The U.S. experienced fewer tornadoes in the past three years than any similar span since accurate records began in the 1950s. Yet meteorologists aren't sure exactly why.As this year comes to a close, about 150 fewer damaging tornadoes than average have hit the U.S., according to data from the Storm Prediction Center (SPC). Explanations for the decrease in twisters the past three years range from unusual cold to unusual heat, or just coincidence.Despite the calmer than average years, deaths due to twisters remain near the average of 60 each year, with 68 killed in 2012, 55 in 2013 and 42 so far this year, according to the SPC. That pales in comparison with the 553 Americans killed by tornadoes in 2011.FULL STORY (http://www.usatoday.com/story/weather/2014/12/13/tornado-drought/20240063/)
Posted: December 13, 2014, 6:08 am
Sustained winds at or near hurricane strength in the highest elevations with gusts exceeding 100 miles per hour across the Sierra summit are forecast for Thursday, with Bay Area winds easily gusting past 50 miles per hour in urban areas and 70-80 miles per hour in the local mountains and hills in what could be the storm of the decade. Computer models are able to break down the exact time of highest danger. By mid-morning Thursday, models indicate winds peaking. Along the coast, 60 mile per hour winds are forecast, with higher gusts. The term “hurricane” is only used to refer to tropical storms, and is used when sustained winds reach 74 miles per hour. That level of wind strength is possible at extreme elevations above 9,000 feet and higher Thursday, according to the National Weather Service warning. (http://forecast.weather.gov/wwamap/wwatxtget.php?cwa=mtr wwa=high%20wind%20watch) KPIX 5 chief meteorologist Paul Deanno said, “Given the long-term drought and short-term saturated ground, many trees will lose the battle with the wind on Thursday.”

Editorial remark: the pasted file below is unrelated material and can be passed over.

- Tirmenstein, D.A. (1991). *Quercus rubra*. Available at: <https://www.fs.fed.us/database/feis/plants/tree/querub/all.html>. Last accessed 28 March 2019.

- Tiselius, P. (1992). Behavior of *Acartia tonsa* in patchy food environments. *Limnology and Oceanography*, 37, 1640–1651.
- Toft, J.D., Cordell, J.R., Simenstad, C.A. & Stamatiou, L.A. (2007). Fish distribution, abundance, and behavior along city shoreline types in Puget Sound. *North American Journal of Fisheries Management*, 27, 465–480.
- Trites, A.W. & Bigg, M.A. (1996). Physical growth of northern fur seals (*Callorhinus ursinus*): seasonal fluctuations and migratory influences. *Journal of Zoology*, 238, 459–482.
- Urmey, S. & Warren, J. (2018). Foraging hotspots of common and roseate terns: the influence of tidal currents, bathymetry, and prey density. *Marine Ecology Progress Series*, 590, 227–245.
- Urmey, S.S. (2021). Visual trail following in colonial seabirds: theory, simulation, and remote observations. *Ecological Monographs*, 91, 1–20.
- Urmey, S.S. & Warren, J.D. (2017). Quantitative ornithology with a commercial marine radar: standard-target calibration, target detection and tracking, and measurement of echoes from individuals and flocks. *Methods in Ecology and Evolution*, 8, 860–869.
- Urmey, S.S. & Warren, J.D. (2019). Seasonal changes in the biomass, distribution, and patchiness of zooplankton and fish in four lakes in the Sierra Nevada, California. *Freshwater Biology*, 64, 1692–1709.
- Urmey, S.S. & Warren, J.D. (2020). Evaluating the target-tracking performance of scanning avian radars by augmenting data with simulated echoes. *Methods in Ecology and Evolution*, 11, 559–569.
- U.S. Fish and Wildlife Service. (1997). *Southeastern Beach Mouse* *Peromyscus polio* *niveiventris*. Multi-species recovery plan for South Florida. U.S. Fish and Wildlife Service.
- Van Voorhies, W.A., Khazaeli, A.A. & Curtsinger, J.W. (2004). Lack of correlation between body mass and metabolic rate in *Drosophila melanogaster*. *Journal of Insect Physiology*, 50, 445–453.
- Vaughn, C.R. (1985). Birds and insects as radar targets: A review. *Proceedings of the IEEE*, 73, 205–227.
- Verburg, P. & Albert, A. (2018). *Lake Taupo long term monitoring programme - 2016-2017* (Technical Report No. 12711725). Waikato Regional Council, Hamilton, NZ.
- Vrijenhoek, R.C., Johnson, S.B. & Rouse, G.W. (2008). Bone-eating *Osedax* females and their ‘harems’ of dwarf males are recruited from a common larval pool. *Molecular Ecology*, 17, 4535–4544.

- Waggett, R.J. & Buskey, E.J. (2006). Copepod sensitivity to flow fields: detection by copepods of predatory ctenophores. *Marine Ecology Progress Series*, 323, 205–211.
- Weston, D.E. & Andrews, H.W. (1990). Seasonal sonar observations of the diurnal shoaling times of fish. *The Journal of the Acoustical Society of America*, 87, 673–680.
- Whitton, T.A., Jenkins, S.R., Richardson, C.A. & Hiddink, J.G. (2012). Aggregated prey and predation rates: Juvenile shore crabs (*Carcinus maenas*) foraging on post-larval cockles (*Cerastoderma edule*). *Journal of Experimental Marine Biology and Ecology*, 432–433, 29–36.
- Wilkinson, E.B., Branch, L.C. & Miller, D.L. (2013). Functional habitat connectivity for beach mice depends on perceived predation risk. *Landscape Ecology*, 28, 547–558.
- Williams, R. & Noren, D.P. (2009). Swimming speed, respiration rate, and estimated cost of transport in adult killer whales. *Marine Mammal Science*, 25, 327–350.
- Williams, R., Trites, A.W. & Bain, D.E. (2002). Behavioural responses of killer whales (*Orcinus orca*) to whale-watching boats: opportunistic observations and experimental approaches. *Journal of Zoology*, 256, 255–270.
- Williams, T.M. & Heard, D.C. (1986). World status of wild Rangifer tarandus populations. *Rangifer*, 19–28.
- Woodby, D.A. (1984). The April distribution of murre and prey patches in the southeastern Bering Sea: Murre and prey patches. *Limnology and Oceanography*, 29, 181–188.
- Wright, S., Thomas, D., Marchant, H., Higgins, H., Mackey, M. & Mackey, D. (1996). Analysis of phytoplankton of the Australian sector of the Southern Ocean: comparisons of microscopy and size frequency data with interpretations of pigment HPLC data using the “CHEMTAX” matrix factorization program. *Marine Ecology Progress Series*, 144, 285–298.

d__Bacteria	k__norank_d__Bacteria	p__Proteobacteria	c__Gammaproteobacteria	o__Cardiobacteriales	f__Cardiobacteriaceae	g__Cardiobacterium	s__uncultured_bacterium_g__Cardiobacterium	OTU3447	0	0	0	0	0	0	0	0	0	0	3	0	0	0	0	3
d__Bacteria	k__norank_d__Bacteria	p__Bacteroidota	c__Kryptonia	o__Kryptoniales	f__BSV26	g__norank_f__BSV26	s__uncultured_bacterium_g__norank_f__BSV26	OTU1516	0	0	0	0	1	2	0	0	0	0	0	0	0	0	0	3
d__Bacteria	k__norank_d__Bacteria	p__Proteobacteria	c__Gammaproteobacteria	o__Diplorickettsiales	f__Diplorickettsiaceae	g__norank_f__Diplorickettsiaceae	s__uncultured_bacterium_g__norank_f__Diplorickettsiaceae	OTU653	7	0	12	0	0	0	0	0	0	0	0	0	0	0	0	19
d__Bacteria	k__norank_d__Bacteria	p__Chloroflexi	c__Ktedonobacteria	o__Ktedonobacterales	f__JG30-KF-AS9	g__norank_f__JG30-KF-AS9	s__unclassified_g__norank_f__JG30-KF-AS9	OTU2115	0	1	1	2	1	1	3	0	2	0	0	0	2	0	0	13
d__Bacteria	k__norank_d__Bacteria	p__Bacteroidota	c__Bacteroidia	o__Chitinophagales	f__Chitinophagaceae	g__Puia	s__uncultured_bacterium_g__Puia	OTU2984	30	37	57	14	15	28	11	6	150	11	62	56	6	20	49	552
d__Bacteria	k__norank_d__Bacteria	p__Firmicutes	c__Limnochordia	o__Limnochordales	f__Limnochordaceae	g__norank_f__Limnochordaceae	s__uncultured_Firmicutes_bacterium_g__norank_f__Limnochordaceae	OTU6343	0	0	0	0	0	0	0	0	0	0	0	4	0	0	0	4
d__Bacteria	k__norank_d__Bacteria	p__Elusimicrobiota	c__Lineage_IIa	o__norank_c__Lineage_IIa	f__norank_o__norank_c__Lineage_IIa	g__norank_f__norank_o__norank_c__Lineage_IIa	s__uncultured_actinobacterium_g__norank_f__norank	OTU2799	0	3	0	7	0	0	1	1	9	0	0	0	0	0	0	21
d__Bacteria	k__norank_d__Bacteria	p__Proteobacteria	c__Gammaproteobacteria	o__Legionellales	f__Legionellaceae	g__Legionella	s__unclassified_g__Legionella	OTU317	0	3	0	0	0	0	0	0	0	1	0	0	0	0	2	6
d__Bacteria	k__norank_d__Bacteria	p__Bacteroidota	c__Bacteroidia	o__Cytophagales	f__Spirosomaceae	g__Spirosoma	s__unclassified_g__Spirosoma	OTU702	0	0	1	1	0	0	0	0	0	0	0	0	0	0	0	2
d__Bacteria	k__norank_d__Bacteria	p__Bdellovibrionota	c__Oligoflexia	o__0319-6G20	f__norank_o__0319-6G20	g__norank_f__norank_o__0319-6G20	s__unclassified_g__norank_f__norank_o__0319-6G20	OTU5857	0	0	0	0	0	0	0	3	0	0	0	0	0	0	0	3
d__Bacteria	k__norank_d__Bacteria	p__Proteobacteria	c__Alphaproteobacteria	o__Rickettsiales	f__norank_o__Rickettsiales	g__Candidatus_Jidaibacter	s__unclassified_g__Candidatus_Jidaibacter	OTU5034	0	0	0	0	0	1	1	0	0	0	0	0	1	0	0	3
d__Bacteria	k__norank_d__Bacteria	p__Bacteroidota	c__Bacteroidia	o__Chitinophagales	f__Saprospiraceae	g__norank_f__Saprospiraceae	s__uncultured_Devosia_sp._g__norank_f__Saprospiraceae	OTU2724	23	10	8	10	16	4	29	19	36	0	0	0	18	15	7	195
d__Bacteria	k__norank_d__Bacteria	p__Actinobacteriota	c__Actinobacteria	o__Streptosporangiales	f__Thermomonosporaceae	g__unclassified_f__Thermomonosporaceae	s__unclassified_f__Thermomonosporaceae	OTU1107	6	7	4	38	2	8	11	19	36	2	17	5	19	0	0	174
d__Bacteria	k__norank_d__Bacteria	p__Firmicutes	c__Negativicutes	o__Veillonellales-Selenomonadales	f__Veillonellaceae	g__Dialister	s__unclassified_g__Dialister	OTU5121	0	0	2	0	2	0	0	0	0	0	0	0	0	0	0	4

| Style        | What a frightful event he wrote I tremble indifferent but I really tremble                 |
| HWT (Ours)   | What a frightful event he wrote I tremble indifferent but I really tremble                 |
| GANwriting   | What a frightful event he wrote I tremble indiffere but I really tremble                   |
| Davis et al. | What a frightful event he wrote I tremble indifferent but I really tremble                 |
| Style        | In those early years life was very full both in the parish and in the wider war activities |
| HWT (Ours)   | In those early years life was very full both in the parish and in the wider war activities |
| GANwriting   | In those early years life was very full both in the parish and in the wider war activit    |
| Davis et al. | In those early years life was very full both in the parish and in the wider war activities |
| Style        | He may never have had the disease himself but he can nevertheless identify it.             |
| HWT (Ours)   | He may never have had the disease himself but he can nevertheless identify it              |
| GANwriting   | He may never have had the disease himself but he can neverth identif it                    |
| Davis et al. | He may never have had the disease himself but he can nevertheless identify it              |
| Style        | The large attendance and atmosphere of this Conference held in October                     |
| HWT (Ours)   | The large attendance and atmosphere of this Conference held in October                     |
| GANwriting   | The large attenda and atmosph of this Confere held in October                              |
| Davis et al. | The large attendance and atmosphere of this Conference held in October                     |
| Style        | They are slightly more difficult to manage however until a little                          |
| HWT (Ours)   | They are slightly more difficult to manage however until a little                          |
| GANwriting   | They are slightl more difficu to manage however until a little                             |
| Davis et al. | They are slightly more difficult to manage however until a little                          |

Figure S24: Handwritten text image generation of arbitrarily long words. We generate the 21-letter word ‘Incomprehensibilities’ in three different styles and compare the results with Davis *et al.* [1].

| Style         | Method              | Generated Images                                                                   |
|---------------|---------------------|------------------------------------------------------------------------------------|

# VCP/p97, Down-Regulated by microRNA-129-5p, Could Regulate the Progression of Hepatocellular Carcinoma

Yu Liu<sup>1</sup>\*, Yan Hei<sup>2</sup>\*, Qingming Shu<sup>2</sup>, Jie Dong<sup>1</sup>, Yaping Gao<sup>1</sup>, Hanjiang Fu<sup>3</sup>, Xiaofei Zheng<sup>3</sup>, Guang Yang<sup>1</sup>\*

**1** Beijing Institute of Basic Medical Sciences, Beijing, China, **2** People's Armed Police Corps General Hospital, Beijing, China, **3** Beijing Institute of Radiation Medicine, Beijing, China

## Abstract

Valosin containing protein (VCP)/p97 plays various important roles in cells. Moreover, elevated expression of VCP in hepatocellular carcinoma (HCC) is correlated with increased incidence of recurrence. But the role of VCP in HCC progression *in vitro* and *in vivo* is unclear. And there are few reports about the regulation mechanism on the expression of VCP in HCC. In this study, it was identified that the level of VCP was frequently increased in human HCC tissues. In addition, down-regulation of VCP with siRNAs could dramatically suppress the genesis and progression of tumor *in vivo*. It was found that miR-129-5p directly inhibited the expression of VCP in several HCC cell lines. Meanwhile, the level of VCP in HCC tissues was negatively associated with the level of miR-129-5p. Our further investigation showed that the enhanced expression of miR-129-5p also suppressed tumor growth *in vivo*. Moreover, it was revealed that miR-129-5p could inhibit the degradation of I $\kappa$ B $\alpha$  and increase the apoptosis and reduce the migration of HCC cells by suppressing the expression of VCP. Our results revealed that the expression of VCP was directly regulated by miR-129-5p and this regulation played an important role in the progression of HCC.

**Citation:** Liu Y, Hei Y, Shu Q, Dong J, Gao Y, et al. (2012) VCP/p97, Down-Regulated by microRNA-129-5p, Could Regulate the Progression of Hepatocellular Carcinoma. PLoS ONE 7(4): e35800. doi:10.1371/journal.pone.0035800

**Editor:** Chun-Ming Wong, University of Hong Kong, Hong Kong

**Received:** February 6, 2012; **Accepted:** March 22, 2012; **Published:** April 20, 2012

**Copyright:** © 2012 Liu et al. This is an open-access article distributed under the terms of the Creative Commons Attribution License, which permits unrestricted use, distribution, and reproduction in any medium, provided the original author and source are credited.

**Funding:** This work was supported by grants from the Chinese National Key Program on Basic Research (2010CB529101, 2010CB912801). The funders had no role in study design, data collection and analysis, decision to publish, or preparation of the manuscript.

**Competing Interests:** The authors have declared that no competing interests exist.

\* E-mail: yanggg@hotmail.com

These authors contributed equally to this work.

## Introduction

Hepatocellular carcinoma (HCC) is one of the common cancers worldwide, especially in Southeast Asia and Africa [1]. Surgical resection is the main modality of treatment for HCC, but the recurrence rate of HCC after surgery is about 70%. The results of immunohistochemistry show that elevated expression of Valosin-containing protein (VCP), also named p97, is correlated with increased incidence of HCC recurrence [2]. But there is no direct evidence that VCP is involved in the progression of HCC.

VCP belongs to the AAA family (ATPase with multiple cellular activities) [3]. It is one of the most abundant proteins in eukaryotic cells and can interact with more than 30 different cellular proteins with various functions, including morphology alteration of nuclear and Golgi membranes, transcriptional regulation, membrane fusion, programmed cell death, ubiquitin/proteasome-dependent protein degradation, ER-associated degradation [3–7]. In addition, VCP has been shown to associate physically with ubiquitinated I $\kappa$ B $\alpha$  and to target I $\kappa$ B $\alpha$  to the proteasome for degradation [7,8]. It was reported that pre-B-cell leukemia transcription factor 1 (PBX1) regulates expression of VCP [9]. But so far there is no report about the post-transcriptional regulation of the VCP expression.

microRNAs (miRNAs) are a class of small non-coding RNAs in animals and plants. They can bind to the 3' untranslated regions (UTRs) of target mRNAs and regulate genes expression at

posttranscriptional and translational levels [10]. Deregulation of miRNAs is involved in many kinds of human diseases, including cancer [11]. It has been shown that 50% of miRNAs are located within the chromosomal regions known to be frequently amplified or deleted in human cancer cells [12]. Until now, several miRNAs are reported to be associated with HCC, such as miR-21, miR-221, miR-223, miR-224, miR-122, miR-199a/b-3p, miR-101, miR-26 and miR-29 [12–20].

Posted: December 9, 2014, 12:17 pm
'Too many nuclear weapons in the world remain ready to launch on short notice,' the military, political and diplomatic figures say Urgent action is needed to minimise the risk of a nuclear war, more than 120 senior military, political and diplomatic figures from across the world have warned. Ahead of the Vienna Conference on the Humanitarian Impact of Nuclear Weapons, which starts today, the experts wrote in a letter that the danger of such a conflict was “underestimated or insufficiently understood” by world leaders.The signatories include people from across the political spectrum such as former Conservative Defence Secretary Lord King, a Labour counterpart Lord Browne, former Foreign Secretaries Margaret Beckett and David Owen, and former Liberal Democrat leader Sir Menzies Campbell. John McColl, former Nato Deputy Supreme Allied Commander Europe, Lord Richards, former Chief of the Defence Staff, and General James Cartwright, former Vice-Chairman of the US Joint Chiefs of Staff, also signed the letter.
Posted: December 8, 2014, 3:26 pm
Any parent of a rambunctious youngster can tell you trouble might be afoot when things go quiet in the playroom. Two independent research initiatives indicate there is a comparable situation with the Cascadia earthquake fault zone. The fault zone expected to generate the next big one lies underwater between 40 and 80 miles offshore of the Pacific Northwest coastline. Earthquake scientists have listening posts along the coast from Vancouver Island to Northern California. But those onshore seismometers have detected few signs of the grinding and slipping you would expect to see as one tectonic plate dives beneath another, with the exception of the junctions on the north and south ends of what is formally known as the Cascadia Subduction Zone.
Posted: December 5, 2014, 2:32 pm
Stephen Hawking: Humans, who are limited by slow biological evolution, couldn't compete and would be superseded Read more (http://www.bbc.com/news/technology-30290540)
Posted: December 4, 2014, 2:13 pm